Addendum: a commenter asked what a change to 1 mm thickness would do to the concentration? The difference between 10 m and 1 mm is 4 orders of magnitude, so the resulting concentration would go from 1 million times lower to 100 times lower than those that would be expected to effect the most sensitive species in the toxicological tests.

What if it had been a Dilbit spill?

So the question I have heard the most is: what if were diluted bitumen (dilbit)? I had a lot of thoughts on what would happen having read many older reports on the subject, but rather than trusting my memory I sought out some newer information and after a bit of digging was rewarded when a colleague on twitter (H/T @natrlyst) directed me to an Environment Canada Technical Report on the topic (ref). I have spent several hours digesting its contents (I read this stuff so you don’t have to) and have discovered that much of what we previously believed would happen when dilbit is spilled in the marine environment may be wrong. The following is my précis of that document, with bonus information thrown in. For referencing purposes any physical data/observations should be considered to be derived from the Technical Report, although I will add some additional details.

Let’s start with the basics, what is dilbit? Dilbit consists of a mixture of 20% to 30% diluent and 70% to 80% bitumen. The bitumen is exactly what you think it is and the diluent is typically a naptha-based oil called “condensate”. For those of you who are campers, naptha is essentially the white gas you use in your Coleman lanterns and stoves. The condensate has a specific gravity in the 0.6 g/mL to 0.8 g/mL range and the resultant dilbit has density/specific gravity that ranges from around 0.92 g/mL to about 0.94 g/mL. So the quick answer to your question is that when spilled the dilbit will initially float. We all knew this was the case and up until recently the belief was that as the diluent evaporated away the resulting evaporated mass would sink. Well, apparently, that is not the case. Recent laboratory studies by Environment Canada show that even with a 26.5% evaporation rate (thus with pretty much all the diluent evaporated) the resultant evaporated dilbit would still retain a specific gravity (at 0oC) of 1.021 g/mL. For those of you with long memories you will remember that seawater density ranges from 1.025 g/mL to 1.033 g/mL at that temperature. Thus the material would not sink, as we were previously lead to believe, but would actually remain afloat. More interestingly, typically when lighter oils are hit with breaking waves they form small droplets that lack the buoyancy to float and will often remain entrained in the water column. The dilbit did not act in this way. Rather when the experimental dilbit was exposed to the wave pool, it formed much larger droplets which quickly resurfaced and coalesced into a surface slick. The Achilles heel of the dilbit, however, appears to be sediments in the water. As I mentioned in my previous post, oils exposed to water will preferentially adsorb to sediment particles and will eventually become heavy enough to sink as “tar balls”. When dilbit is exposed to fine to medium sized sediments it does just that and forms tar balls that have a tendency to sink into the water column. Interestingly enough, when the sediment was coarser (sandy grains) the dilbit would not form these tar balls and would instead remain afloat.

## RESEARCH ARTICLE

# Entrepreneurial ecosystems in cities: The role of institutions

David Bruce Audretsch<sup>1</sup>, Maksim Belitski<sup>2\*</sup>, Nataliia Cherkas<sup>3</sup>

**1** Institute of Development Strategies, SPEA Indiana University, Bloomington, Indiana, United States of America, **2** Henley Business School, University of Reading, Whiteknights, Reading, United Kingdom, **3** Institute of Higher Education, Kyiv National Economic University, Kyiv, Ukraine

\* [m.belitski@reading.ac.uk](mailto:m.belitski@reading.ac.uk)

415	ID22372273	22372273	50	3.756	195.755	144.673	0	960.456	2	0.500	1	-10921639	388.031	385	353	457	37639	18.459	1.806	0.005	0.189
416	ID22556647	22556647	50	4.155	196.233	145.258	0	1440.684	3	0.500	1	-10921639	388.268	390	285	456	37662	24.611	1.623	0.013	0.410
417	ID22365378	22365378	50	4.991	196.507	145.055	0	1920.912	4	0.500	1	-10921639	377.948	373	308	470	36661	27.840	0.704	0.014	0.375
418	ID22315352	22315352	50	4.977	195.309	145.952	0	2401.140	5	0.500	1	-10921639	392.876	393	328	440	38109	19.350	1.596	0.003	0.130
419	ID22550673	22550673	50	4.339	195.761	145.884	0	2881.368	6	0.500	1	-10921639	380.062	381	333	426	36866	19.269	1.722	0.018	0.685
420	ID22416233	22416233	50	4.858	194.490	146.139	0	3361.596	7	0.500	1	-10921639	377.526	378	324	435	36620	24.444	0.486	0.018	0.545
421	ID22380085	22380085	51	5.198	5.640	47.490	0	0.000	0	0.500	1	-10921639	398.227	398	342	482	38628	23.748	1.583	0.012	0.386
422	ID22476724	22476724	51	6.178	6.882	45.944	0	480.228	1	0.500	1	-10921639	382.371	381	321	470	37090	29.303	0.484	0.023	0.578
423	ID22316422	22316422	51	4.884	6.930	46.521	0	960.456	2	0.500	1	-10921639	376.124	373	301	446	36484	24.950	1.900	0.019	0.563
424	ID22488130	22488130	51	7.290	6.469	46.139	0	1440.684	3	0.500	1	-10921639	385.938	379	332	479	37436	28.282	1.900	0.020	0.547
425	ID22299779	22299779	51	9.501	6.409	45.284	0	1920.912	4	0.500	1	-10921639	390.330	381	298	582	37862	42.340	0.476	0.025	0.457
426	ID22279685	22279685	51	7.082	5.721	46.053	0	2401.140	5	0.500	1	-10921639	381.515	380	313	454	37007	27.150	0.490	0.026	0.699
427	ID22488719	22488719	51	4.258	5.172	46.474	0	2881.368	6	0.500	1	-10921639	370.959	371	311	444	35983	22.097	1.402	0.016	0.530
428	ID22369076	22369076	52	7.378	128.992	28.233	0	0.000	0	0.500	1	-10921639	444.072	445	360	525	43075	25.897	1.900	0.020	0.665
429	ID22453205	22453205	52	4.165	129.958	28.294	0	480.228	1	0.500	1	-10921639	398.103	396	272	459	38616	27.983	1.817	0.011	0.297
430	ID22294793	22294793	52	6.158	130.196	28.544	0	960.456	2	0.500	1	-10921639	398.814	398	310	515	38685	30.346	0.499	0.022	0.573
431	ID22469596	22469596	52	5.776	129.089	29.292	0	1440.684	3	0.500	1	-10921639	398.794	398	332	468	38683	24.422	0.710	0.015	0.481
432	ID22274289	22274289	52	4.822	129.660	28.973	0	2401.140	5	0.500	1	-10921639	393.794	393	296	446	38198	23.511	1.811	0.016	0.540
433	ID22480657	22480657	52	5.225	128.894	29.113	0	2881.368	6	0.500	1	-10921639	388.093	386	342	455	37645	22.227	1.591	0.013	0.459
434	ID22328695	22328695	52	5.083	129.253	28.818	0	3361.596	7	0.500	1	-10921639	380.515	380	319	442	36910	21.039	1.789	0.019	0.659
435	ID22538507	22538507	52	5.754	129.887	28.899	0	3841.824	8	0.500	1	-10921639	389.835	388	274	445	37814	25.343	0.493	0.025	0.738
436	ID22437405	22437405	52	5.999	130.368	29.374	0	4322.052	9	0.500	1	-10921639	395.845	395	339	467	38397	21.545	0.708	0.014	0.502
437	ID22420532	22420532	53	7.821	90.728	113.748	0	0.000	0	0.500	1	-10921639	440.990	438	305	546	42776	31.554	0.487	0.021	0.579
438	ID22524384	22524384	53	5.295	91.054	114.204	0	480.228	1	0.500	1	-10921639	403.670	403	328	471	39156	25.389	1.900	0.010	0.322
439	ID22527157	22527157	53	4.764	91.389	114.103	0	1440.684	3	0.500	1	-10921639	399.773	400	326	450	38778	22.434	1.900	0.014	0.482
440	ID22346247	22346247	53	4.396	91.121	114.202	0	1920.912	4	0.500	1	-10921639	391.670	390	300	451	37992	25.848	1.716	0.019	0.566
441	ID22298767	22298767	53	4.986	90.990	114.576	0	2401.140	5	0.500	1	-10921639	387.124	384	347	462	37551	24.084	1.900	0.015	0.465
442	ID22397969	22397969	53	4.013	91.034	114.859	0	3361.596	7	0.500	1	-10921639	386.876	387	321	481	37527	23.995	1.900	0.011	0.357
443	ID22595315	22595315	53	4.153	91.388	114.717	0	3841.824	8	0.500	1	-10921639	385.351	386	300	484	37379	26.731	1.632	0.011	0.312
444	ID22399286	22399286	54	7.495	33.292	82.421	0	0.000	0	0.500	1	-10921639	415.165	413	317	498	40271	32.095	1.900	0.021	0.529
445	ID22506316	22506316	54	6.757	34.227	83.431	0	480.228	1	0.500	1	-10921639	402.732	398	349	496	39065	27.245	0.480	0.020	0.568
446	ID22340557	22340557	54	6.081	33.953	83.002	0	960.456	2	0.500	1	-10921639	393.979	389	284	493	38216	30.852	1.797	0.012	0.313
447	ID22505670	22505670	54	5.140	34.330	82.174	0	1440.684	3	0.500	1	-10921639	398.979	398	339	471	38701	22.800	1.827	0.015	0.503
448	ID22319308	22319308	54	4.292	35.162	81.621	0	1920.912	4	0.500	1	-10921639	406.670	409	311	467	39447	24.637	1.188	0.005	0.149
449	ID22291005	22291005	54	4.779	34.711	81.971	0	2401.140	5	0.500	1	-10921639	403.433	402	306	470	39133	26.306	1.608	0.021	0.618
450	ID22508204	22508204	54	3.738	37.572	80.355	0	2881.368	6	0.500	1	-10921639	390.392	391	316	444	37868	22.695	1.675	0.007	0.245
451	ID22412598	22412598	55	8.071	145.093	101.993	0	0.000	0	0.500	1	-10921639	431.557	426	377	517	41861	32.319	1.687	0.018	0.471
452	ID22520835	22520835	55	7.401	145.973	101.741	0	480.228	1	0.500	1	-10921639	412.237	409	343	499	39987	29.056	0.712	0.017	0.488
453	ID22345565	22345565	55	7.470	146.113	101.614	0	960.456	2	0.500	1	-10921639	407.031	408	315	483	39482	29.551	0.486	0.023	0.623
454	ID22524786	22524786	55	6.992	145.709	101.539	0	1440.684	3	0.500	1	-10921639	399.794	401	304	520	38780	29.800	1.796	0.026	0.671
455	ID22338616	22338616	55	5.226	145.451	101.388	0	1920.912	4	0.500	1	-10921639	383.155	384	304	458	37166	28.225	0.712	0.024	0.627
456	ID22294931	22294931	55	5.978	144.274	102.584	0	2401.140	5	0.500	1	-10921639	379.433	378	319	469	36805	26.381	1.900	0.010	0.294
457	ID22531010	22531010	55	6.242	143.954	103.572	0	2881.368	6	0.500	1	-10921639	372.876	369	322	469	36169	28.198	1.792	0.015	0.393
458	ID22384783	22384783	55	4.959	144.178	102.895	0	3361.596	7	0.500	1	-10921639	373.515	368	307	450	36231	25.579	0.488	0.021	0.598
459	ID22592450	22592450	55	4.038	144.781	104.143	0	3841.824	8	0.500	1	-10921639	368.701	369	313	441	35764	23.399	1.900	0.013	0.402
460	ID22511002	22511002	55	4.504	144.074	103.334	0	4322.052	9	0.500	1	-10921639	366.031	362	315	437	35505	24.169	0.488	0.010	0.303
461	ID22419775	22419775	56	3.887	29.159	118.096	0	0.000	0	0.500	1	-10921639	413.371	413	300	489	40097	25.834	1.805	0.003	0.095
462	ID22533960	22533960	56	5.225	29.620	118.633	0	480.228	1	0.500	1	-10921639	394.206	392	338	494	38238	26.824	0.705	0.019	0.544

So to answer the original question: what if the spill had been a dilbit spill? Well the answer is very interesting because based on the literature, the result would have been very similar to what we saw with the fuel oil spill. Ironically, in the Environment Canada Technical Report they used IFO 180 (a fuel oil mix) as a comparison liquid in many of the experiments and typically it acted in a very similar way to the dilbit. So, believe it or not, the small spill of fuel oil in English Bay provides a very reasonable surrogate for what one would expect from a dilbit spill.